Netflix’s crackdown on password sharing is working — for now

Unless The company motto should still be: Never ignore Netflix. On Wednesday, the streaming giant beat Wall Street forecasts by reporting a gain of nearly 9 million new subscribers worldwide and revenue of $8.5 billion for the third quarter of 2023, up nearly 8 percent corresponds to the previous year. While this all sounds like a bunch of financial brouhaha, it’s also notable given the very turbulent three years the company – and Hollywood – have had.

Consider the company’s crackdown on password sharing. The long-planned Killjoy campaign launched in May 2023 in the US and UK. It followed a turbulent period for streaming, as Netflix faced increasing competition from new streamers like Disney+ and HBO Max (now known as Max) and was losing subscribers to the For the first time in a decade. The move to eliminate password sharing — which essentially locks out users who don’t appear to live in the same household as the account holder — also came shortly after the streamer increased its much-touted ad-supported level of $7 per month.

For months, it seemed like Netflix’s changes to plans, pricing and password enforcement were the moves of a company feeling the pressure of additional competition and a loss of cool in the public eye. Analysts were the same this week Lowering the company’s share price Predictions amid rumors that users wouldn’t switch to the new ad-supported tier in droves. And yet, in one Letter to investors In announcing the company’s quarterly results on Wednesday, Netflix noted that membership in its ad-supported plans increased nearly 70 percent compared to the previous quarter. The streaming giant also said it has rolled out “paid sharing” – which allows users to share accounts for an additional fee – to every region where Netflix is ​​available.

“Cancelation response continues to be low and exceeds our expectations, and households of borrowers moving to full-paying memberships are demonstrating healthy retention,” Netflix told shareholders. In other words, previous password exchangers aren’t canceling the service out of disgust, and Netflix now has more than 247 million paying subscribers around the world.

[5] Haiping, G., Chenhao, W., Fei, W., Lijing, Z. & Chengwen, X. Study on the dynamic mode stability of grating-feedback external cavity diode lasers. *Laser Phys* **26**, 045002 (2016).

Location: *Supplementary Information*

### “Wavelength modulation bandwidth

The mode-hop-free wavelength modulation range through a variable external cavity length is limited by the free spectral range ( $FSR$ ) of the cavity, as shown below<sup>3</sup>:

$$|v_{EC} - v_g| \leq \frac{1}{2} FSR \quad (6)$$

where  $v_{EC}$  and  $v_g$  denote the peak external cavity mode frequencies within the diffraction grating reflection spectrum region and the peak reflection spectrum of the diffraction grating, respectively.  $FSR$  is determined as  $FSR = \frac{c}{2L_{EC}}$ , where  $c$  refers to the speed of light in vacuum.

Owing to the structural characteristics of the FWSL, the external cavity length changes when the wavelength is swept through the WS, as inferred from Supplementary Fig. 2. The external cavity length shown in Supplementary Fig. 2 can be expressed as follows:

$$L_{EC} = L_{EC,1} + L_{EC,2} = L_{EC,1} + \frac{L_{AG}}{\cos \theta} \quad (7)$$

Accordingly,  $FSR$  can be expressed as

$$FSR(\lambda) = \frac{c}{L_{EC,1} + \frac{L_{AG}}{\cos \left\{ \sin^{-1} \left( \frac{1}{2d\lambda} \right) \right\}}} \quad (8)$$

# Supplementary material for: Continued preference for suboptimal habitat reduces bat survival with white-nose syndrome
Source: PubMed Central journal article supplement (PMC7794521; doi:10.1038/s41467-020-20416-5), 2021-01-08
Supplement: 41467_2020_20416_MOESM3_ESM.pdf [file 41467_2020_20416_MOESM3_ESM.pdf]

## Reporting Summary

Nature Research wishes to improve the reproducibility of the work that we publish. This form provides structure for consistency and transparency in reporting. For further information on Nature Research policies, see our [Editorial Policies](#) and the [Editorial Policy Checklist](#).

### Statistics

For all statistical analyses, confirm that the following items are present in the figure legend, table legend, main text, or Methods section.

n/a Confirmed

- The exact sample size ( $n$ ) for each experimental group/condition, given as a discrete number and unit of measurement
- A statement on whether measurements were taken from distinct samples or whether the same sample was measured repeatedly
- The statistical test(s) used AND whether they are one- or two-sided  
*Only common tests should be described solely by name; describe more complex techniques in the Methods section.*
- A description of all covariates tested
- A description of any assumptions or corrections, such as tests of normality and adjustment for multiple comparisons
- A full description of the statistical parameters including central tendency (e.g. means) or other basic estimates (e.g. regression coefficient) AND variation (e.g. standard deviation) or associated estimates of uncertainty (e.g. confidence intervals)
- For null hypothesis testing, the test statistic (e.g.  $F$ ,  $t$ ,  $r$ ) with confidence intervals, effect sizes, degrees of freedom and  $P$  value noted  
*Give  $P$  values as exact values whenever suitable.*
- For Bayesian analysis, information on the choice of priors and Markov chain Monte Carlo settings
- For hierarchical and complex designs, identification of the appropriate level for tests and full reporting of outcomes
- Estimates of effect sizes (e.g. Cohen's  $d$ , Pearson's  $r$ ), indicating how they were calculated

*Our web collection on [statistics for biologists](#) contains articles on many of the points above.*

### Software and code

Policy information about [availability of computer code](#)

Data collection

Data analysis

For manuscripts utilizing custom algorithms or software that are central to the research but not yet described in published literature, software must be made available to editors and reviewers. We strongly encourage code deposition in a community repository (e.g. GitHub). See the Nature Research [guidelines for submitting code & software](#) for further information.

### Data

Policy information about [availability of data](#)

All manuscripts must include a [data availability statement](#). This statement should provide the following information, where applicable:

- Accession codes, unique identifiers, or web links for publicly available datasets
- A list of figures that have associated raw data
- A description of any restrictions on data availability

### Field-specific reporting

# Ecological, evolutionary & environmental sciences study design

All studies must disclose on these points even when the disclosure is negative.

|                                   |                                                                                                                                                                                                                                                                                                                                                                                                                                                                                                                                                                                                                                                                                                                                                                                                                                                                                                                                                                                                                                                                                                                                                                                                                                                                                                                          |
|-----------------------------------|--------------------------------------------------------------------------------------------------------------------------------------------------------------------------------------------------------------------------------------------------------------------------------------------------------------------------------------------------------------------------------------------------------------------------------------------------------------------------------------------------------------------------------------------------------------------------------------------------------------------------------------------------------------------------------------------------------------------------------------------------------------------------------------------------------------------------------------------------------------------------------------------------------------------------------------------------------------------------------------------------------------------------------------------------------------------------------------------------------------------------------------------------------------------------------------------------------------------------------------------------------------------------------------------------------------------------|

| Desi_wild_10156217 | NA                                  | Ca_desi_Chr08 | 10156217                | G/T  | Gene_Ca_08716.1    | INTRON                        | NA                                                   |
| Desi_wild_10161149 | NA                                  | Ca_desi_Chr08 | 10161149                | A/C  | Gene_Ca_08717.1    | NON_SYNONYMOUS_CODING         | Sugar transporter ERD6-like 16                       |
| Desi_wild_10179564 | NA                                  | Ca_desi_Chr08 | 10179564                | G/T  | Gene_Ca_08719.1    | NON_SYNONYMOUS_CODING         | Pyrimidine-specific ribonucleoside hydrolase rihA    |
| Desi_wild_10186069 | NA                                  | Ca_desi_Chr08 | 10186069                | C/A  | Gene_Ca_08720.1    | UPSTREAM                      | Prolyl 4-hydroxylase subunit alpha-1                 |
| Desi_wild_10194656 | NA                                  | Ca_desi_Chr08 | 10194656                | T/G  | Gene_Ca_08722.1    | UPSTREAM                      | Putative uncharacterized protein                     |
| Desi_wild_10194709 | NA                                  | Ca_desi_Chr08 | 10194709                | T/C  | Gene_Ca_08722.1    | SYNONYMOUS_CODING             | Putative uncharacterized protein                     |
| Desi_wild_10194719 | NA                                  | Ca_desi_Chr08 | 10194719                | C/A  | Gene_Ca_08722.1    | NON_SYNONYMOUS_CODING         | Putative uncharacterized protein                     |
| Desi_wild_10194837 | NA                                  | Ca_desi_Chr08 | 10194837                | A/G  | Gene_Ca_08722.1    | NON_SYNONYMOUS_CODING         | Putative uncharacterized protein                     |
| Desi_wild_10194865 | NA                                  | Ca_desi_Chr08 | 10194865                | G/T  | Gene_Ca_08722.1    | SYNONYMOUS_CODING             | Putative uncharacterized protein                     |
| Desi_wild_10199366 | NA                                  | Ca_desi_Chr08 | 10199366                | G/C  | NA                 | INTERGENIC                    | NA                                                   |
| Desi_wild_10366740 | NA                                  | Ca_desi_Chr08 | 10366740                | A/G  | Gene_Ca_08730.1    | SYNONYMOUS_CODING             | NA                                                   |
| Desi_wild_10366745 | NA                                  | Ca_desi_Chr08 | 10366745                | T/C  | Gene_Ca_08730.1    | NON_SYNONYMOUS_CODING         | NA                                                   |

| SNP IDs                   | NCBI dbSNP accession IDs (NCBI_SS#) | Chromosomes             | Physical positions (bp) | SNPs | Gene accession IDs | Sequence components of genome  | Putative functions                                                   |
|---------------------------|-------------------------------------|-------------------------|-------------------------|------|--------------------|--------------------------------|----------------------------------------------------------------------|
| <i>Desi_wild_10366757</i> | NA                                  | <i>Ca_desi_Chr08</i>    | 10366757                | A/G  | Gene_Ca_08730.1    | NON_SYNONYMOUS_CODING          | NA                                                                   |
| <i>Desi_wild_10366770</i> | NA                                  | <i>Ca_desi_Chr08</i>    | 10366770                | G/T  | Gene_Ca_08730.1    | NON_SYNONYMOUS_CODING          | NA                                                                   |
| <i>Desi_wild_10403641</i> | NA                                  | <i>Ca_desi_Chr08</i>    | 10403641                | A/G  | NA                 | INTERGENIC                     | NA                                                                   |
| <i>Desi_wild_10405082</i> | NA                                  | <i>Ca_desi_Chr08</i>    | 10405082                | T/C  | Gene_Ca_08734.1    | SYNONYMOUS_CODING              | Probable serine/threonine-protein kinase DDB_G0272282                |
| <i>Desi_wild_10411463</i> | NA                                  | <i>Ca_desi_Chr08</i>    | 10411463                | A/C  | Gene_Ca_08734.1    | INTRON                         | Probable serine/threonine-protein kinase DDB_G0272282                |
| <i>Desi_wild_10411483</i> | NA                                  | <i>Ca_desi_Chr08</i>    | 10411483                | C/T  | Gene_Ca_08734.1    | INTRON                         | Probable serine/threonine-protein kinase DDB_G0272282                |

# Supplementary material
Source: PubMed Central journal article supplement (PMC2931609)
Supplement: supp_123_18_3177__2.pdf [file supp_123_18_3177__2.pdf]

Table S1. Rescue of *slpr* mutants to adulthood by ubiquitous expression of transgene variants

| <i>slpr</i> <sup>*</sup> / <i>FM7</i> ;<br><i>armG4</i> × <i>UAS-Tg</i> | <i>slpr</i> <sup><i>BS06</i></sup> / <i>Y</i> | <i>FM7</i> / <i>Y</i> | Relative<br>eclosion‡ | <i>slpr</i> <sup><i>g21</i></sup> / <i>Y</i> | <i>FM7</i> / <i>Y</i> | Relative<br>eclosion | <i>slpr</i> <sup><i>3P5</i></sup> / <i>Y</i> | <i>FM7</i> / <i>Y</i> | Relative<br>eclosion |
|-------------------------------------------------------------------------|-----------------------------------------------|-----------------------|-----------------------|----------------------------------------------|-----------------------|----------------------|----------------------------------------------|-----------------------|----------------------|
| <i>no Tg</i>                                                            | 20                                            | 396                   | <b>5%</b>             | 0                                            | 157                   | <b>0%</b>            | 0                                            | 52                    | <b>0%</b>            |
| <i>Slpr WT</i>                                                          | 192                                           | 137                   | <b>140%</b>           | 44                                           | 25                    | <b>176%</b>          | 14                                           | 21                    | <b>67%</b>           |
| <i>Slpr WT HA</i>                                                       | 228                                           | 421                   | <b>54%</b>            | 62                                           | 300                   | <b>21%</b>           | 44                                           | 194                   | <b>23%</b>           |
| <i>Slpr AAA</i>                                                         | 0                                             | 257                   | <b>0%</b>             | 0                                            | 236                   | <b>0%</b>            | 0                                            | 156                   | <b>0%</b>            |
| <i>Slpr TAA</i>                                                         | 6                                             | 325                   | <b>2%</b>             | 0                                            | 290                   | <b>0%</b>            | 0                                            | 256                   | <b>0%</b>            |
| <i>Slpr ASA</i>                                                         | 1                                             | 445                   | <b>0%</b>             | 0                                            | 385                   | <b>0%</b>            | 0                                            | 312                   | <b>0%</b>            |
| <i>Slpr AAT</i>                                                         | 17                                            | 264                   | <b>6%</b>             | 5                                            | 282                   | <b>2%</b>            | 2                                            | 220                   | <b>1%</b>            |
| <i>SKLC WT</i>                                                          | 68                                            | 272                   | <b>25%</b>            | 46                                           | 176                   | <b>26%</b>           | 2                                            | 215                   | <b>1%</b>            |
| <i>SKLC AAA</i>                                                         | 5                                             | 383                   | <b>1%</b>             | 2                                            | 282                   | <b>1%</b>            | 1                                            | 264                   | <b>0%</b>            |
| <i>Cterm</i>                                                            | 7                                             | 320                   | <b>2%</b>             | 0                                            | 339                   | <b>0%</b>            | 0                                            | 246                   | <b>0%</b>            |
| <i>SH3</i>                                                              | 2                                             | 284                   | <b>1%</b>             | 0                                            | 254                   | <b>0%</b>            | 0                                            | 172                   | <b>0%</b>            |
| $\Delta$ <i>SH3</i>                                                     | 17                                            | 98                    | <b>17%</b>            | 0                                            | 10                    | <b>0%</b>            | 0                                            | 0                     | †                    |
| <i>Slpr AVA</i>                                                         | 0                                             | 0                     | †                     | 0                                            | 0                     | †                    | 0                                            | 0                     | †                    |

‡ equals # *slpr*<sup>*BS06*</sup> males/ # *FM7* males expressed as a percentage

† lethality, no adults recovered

But will all of these subscribers stay long-term? This is an open question. In addition to the massive increase in subscribers, Netflix also announced another price increase on Wednesday. Effective immediately, the company said the cost of the streamer’s Basic plan would increase from $9.99 per month to $11.99 for people in the US, UK and France. The Premium plan, meanwhile, increases from $19.99 to $22.99. (Prices for the $6.99 ad-supported tier and $15.49 standard plan remain unchanged.) It’s been more than a year since Netflix last raised prices, but if the streamer continues to charge more money and at the same time Limits the number of people who can use each plan When subscribing, some subscribers may decide that Netflix isn’t worth it.

Speaking of advantages: the Hollywood strikes. Even though the Writers Guild of America has reached an agreement with studios and screenwriters are back to work, actors continue to strike, causing many productions to stall. For now, Netflix can carry on Suitswhich has seen a strange surge in popularity on the platform in recent months, and Love is blind, but ultimately, by throttling the content pipeline, the strike could leave the streamer with fewer offerings to attract or retain subscribers. Earlier this month, The Wall Street Journal reported After the actors’ strike ends, Netflix could increase prices. It is possible that the increases announced on Wednesday are price increases diary However, if Netflix’s costs rise again, the company will have to offer customers more to prove that it offers the same value.

To be fair, Disney, Paramount and Warner Bros. Discovery all have them have recently increased their own streaming prices, so Netflix’s move is anything but unusual. But the more streamers increase their prices, the fewer services people are likely to want to pay for.

Netflix may be converting smooching nieces, nephews and ex-lovers into paying subscribers for now. But Karl Bode recently noted in Techdirtit’s possible that the company’s recent revenue increases “are due to a popular new show or organic growth, and not necessarily Netflix’s allegations against password-sharing accounts.” The move is working so far, but perhaps not forever.

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